A British nurse flown out from an Ebola treatment centre in Sierra Leone is treated and survives. So does a man from Sierra Leone who walked three miles for treatment at the same centre.
Explore fear and stigma, kindness and compassion. Begin with some basics about the Ebola virus, and learn how identifying those who are likely to survive is not easy, even for experienced health workers.
By the end of this activity students will be able to:
- Identify elements that demonstrate a positive response to adversity, or resilience, in the personal account of a man who survived Ebola
- Describe an occasion when they themselves, or someone they know, coped better with something than they ever thought they would.
Show students the photograph. What does it show? Invite comments and interpretations.
It is a photograph of a health officer wearing a special uniform to be protected from the Ebola virus at a state hospital in Kenema, Sierra Leone.
Similar pictures could have been taken in other west African countries, including Liberia, Guinea and Nigeria.
Working as a whole group, or in pairs or smaller groups, ask students to list as many words as they can inspired by the photo.
Share and discuss the words. Which words occur most often? Look in detail at specific words - such as deadly or fear, kindness or help - and check what students understand by them.
This photo could be interpreted in many different ways. Encourage students to think about it from the different perspectives of the patient, the health worker, their family and friends, as well as from their own point of view.
Use the following briefing points to develop students' understanding:
- There is currently an outbreak of Ebola in west Africa.
- It is affecting more people than any previous outbreak.
- Symptoms of Ebola include fever, severe headache, muscle pain, vomiting, diarrhoea, stomach pain, unexplained bleeding or bruising.
- Ebola is caused by a virus which is spread through direct contact with the blood or body fluids of someone infected, or with objects contaminated with the virus.
- People at highest risk of becoming infected are those caring for Ebola patients - healthcare workers, family and friends.
- Many clinics have very limited resources - inadequate medical supplies and shortage of nursing and medical staff. Some even lack running water.
- Ebola has a very high case fatality, but it is not always fatal. Some people do recover, even without expensive treatment.
Ask students to spend a few moments in reflection. With eyes closed, if it helps, think through what it might be like to be in west Africa and develop the symptoms of Ebola. What would be your most powerful emotion? What would you be most worried about? What might you do next?
Say to students that they are about to see a video, or read a transcript if the video cannot be shown. [Note: the video contains some distressing scenes. Check it is appropriate for your students before you show it to the class.]
In the video Alhassan Kemokai from Sierra Leone talks about his personal experience of the virus.
Ask students to watch out for things that confirm, or contradict, their earlier thoughts.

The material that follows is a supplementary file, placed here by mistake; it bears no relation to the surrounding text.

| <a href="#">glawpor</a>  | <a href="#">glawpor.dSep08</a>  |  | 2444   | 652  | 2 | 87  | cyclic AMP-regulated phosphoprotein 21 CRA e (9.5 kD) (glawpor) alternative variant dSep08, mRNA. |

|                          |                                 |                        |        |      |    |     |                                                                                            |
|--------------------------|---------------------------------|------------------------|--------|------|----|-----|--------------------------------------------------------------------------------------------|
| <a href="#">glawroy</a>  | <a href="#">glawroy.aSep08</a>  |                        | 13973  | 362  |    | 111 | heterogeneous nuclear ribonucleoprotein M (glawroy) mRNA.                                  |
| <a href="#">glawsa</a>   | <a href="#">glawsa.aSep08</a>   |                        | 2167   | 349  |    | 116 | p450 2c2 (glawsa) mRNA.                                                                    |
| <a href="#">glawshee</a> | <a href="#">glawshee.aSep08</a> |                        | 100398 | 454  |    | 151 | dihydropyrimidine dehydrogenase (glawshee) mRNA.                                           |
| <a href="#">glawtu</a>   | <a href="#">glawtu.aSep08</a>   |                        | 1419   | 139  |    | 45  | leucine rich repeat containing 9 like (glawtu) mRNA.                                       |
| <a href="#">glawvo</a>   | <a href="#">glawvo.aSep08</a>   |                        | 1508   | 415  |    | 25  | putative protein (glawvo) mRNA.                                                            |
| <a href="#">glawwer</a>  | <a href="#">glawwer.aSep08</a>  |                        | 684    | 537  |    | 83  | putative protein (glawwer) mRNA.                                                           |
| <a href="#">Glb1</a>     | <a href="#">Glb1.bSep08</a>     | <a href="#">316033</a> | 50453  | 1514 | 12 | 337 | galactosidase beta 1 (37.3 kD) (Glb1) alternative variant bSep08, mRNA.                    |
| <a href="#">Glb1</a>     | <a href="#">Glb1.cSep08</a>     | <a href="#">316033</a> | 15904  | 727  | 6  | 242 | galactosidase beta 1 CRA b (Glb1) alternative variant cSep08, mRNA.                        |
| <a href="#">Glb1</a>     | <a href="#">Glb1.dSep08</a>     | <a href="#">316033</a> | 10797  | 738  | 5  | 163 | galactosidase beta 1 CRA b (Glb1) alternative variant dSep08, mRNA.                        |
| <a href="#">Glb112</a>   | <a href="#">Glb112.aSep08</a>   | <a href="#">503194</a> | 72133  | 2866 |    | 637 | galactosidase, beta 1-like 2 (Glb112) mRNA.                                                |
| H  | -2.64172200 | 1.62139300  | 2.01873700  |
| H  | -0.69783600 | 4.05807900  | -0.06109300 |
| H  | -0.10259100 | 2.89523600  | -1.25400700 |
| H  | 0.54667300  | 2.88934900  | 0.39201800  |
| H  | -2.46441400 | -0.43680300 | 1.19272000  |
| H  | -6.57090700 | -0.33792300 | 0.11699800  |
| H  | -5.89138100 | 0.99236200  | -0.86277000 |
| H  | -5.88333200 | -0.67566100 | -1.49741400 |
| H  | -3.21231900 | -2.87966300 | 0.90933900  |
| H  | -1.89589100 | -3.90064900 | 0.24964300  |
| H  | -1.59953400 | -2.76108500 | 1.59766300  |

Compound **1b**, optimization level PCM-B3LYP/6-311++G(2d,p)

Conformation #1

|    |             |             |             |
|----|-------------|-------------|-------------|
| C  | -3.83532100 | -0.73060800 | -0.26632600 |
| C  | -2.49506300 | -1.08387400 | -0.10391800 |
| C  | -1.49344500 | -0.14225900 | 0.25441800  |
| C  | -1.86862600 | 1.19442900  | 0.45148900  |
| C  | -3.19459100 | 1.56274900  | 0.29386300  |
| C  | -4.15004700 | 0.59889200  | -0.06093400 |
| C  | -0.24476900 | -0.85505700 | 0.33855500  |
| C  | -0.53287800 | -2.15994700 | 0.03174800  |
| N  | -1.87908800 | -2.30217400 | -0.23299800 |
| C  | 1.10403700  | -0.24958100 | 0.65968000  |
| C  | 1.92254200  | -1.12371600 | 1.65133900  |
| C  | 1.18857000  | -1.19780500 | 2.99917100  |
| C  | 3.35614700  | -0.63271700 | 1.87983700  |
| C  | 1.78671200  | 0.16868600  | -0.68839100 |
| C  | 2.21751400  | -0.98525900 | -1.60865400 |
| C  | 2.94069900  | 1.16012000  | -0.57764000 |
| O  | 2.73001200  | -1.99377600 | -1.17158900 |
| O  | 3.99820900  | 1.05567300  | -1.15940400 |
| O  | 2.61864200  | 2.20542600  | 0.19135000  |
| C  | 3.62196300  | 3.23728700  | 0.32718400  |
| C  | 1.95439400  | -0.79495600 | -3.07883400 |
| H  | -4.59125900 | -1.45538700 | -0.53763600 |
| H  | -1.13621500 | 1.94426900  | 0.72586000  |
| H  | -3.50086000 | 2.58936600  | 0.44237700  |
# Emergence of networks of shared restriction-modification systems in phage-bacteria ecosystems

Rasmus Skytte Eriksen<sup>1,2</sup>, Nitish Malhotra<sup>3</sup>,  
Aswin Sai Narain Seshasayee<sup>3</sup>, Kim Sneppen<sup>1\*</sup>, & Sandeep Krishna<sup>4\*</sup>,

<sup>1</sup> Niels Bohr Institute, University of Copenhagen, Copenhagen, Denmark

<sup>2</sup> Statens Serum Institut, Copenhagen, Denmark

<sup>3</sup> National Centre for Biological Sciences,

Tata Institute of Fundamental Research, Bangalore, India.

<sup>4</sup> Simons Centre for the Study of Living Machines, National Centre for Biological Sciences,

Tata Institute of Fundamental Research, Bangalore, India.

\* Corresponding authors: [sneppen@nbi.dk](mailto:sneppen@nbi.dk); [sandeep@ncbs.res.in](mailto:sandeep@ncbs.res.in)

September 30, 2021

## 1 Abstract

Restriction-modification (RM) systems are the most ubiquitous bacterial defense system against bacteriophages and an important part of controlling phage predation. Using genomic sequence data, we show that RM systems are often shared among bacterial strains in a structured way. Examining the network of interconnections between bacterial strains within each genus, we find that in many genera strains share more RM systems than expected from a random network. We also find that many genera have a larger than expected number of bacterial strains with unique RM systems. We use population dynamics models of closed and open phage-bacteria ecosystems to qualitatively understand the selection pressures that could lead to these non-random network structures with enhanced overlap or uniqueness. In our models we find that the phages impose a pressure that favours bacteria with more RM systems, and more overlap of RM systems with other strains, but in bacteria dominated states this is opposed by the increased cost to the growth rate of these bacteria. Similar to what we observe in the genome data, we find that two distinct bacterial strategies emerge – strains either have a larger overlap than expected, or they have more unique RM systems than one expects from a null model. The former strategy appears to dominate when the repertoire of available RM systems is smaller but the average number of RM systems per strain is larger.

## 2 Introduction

Play the video available on the Guardian website: http://www.theguardian.com/society/video/2014/aug/22/i-survived-ebola-sierra-leone-video
Ask students to think back to the words they came up with when they saw the photo of the health worker at the start of the lesson. Now that they have watched the video are there more words they would add to their list?
Discuss Alhassan's story. What struck students most? Did they realise that people can and do survive Ebola? How would they describe the choices Alhassan made?
Resilience is a term used to describe the ability to respond well to a stressful or difficult situation.
What aspects of Alhassan's story show his resilience? What resources did he have within the community to help?
An aid-agency doctor working in a treatment centre says she was humbled by seeing the care provided by family members - and strangers too:
Does that match students' own experience? Have they, or someone they know, ever coped with something much better than they ever thought they would?
Fear, stigma & other responses
Devise tasks or projects - research, writing or discussion - around the following incidents from the video.
"Some come in unconscious, they recover. Some come in strong and they die."
Explore health workers' response to their patients. How might they feel when someone is cured?
Fear and stigma are a big part of responses to Ebola. How did Alhassan deal with other people's reactions?
Why is the discharge certificate important to Alhassan and other people who have survived Ebola? How might it help in him in his daily life?
Home and abroad
Compare Alhassan's story with William Pooley's, the British nurse who contracted Ebola in Sierra Leone. He worked at the centre Alhassan attended. He was airlifted out, and taken to an isolation unit in London. In this video he talks about the compassion and kindness of the staff: http://www.bbc.co.uk/news/health-29047740
There's a big contrast in the medical resources available. But note the similarities - their thoughts about their families, and their gratitude to health workers, for instance.
Invite students to identify and reflect on the similarities. What might it say about our shared humanity?
Volunteering in an Ebola clinic
Improvise a drama in which a family discusses travel to west Africa to help with the Ebola outbreak. It could make a vivid and thoughtful contribution to an assembly.
Imagine this scenario:
A woman who is a doctor in the UK is considering a request from an aid agency. It wants trained medical staff for a four-week assignment in an Ebola clinic in Sierra Leone. One evening she tells her partner and children of her plans.